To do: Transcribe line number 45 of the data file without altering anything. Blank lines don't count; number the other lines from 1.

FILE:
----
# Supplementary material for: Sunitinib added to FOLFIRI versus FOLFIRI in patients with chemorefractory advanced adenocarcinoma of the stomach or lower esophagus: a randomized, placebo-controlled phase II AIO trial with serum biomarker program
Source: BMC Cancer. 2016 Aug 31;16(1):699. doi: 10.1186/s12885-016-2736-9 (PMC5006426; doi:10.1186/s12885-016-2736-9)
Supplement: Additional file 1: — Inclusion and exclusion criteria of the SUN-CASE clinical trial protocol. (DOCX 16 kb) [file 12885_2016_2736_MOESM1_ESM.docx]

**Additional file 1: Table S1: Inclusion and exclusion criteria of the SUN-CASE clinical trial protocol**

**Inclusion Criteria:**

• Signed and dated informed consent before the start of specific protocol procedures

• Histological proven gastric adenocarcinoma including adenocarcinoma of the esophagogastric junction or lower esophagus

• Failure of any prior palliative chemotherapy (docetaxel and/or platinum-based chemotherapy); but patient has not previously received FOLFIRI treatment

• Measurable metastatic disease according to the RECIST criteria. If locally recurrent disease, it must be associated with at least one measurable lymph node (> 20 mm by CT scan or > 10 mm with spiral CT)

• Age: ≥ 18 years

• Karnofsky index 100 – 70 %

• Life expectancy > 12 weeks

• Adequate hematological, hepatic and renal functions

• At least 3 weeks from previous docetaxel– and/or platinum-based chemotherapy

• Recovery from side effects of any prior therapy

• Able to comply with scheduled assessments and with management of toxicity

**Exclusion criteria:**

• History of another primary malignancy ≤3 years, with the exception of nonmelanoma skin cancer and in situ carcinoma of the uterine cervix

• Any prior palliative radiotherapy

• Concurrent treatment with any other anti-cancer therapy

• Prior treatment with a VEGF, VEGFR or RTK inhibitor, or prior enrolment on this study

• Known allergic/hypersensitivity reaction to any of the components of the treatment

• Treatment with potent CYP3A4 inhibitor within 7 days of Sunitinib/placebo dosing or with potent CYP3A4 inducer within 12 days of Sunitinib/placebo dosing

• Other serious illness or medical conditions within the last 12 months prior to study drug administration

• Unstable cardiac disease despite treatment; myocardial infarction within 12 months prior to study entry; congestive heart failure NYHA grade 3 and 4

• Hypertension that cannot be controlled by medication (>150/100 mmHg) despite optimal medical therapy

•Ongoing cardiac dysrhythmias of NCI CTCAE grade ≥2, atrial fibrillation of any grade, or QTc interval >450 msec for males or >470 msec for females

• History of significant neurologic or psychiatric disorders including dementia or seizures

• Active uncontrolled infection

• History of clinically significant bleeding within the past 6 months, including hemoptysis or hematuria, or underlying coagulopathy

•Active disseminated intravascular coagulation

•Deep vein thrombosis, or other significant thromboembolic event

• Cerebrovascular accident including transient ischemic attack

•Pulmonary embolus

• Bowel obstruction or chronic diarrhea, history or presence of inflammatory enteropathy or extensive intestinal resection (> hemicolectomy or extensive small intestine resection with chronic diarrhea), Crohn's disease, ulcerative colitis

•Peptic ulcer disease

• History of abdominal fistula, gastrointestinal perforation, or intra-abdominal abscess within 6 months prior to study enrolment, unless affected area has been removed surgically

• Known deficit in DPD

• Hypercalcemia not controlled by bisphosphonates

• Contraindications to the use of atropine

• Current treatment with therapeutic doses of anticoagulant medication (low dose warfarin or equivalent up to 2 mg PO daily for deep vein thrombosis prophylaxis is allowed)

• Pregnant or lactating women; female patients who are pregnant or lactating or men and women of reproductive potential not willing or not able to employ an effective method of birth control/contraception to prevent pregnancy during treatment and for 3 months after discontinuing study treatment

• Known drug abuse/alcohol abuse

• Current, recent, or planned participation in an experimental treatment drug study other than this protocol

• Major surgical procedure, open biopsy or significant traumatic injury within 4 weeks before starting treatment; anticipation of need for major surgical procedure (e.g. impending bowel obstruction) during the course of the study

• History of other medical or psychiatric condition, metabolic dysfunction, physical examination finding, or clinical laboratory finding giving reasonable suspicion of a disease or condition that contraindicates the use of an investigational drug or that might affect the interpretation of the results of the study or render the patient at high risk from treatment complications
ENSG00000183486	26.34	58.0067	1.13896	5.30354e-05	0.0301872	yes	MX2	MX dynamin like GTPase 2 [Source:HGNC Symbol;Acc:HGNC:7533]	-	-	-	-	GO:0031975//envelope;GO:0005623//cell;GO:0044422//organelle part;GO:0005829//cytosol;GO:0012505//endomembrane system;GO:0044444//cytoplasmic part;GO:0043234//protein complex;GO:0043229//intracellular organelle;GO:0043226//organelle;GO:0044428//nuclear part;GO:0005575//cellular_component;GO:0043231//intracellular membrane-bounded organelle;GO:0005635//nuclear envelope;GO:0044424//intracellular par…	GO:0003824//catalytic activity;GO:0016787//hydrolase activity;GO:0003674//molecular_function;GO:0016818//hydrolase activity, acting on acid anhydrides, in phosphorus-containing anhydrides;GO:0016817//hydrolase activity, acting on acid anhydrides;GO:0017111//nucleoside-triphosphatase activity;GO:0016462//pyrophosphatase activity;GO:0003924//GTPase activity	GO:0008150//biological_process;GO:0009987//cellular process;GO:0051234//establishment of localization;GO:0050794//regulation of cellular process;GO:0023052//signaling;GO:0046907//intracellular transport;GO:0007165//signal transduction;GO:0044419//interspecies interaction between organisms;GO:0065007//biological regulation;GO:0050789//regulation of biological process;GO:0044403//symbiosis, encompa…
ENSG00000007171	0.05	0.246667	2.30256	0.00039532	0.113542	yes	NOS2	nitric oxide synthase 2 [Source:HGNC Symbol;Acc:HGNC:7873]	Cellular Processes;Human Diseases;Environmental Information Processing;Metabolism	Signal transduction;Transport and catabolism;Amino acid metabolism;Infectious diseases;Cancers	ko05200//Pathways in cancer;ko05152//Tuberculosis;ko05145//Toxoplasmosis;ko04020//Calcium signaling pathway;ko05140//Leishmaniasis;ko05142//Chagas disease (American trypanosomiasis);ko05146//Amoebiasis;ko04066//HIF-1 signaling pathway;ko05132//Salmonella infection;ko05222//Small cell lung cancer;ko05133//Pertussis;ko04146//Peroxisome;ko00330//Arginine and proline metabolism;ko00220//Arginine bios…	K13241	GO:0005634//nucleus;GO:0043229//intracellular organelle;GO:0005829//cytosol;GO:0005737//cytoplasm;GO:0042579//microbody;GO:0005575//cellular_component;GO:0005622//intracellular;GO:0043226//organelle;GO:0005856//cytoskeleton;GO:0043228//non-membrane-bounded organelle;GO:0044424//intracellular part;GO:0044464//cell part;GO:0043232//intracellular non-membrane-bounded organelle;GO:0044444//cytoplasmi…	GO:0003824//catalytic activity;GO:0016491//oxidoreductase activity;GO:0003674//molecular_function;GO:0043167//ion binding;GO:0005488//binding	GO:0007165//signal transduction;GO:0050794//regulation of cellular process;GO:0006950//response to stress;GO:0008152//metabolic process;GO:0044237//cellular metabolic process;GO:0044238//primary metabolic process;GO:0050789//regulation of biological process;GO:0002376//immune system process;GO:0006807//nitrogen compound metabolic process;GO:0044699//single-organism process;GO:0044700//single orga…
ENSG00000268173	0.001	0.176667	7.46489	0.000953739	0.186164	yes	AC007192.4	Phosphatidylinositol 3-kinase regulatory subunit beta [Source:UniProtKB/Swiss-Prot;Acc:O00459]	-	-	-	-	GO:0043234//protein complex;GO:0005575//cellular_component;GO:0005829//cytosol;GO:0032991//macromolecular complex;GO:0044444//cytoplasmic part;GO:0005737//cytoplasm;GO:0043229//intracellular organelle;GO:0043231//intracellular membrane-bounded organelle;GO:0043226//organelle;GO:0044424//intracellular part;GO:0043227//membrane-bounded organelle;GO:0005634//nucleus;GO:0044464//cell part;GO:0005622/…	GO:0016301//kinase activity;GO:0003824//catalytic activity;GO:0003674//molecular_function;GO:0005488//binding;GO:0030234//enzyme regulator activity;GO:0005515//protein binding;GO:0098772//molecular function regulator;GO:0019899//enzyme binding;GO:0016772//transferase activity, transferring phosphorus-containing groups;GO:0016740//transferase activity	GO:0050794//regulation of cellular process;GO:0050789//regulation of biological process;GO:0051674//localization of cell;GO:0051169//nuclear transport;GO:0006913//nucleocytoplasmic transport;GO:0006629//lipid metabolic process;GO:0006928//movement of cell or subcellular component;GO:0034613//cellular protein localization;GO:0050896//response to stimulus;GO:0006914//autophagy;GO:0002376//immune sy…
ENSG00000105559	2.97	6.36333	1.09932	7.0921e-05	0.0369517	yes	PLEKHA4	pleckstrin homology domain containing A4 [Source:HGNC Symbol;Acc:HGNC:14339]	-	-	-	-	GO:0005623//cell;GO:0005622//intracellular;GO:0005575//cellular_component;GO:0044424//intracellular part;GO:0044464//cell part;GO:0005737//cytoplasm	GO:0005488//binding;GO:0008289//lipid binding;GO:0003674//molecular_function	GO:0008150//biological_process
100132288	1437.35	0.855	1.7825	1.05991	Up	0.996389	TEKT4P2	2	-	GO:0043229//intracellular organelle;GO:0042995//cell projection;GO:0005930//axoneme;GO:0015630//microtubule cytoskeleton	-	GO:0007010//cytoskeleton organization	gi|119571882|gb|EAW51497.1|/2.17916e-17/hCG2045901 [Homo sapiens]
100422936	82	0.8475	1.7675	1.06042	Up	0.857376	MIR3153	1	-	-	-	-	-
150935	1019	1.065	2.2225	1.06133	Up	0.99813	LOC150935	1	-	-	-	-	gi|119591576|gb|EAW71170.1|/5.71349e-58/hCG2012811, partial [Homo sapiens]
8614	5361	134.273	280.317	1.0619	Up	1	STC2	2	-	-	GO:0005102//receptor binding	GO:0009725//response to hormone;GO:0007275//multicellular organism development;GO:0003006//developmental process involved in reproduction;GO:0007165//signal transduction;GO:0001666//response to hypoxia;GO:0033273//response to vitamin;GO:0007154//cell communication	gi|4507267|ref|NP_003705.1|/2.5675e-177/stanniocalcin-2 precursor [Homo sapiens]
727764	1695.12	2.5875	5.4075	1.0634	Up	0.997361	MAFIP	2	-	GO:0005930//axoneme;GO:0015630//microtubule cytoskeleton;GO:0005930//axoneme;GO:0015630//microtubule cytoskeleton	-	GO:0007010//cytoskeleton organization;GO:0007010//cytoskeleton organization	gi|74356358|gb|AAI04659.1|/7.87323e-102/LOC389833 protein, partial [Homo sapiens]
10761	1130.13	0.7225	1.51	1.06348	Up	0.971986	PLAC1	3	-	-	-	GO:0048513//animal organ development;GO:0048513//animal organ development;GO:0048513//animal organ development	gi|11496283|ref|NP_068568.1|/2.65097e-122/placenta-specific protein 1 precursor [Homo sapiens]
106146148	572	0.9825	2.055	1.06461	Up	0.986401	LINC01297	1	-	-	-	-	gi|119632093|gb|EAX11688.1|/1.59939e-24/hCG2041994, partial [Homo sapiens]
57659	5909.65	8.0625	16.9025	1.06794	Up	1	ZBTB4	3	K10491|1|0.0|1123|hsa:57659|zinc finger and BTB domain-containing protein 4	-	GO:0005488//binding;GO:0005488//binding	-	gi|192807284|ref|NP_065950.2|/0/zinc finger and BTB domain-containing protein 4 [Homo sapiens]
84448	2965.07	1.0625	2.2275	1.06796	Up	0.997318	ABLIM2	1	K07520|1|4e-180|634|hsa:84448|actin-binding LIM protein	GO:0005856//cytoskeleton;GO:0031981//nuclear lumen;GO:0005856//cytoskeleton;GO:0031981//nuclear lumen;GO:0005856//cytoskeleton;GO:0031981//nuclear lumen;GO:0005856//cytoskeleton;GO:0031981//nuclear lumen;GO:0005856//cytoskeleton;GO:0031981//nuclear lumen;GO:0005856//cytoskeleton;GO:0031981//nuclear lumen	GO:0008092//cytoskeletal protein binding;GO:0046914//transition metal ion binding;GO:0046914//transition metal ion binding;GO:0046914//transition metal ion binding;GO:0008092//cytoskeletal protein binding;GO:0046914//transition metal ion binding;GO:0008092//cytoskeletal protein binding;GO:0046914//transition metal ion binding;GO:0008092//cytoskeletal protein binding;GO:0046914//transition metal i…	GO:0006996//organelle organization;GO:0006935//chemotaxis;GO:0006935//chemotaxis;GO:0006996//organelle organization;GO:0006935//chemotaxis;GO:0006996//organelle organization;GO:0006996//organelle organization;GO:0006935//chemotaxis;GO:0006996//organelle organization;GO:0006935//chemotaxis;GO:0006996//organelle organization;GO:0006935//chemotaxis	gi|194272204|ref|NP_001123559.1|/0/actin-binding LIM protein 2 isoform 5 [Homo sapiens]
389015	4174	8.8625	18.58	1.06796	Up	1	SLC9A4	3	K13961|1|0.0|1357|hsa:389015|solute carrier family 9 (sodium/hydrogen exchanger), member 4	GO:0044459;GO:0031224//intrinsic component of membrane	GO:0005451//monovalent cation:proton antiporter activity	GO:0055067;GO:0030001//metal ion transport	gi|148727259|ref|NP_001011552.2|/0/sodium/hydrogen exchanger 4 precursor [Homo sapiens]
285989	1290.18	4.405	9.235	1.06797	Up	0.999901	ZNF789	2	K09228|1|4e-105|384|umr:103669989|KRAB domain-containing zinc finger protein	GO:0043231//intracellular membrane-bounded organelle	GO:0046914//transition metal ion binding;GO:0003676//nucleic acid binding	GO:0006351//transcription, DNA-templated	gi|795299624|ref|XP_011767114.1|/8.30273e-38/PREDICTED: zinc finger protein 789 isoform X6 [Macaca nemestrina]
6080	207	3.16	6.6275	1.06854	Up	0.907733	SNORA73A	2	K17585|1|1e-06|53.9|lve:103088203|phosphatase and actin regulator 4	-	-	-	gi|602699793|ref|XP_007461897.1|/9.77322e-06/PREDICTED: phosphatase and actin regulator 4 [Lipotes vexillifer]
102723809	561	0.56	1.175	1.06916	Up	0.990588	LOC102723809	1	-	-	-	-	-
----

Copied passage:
• Major surgical procedure, open biopsy or significant traumatic injury within 4 weeks before starting treatment; anticipation of need for major surgical procedure (e.g. impending bowel obstruction) during the course of the study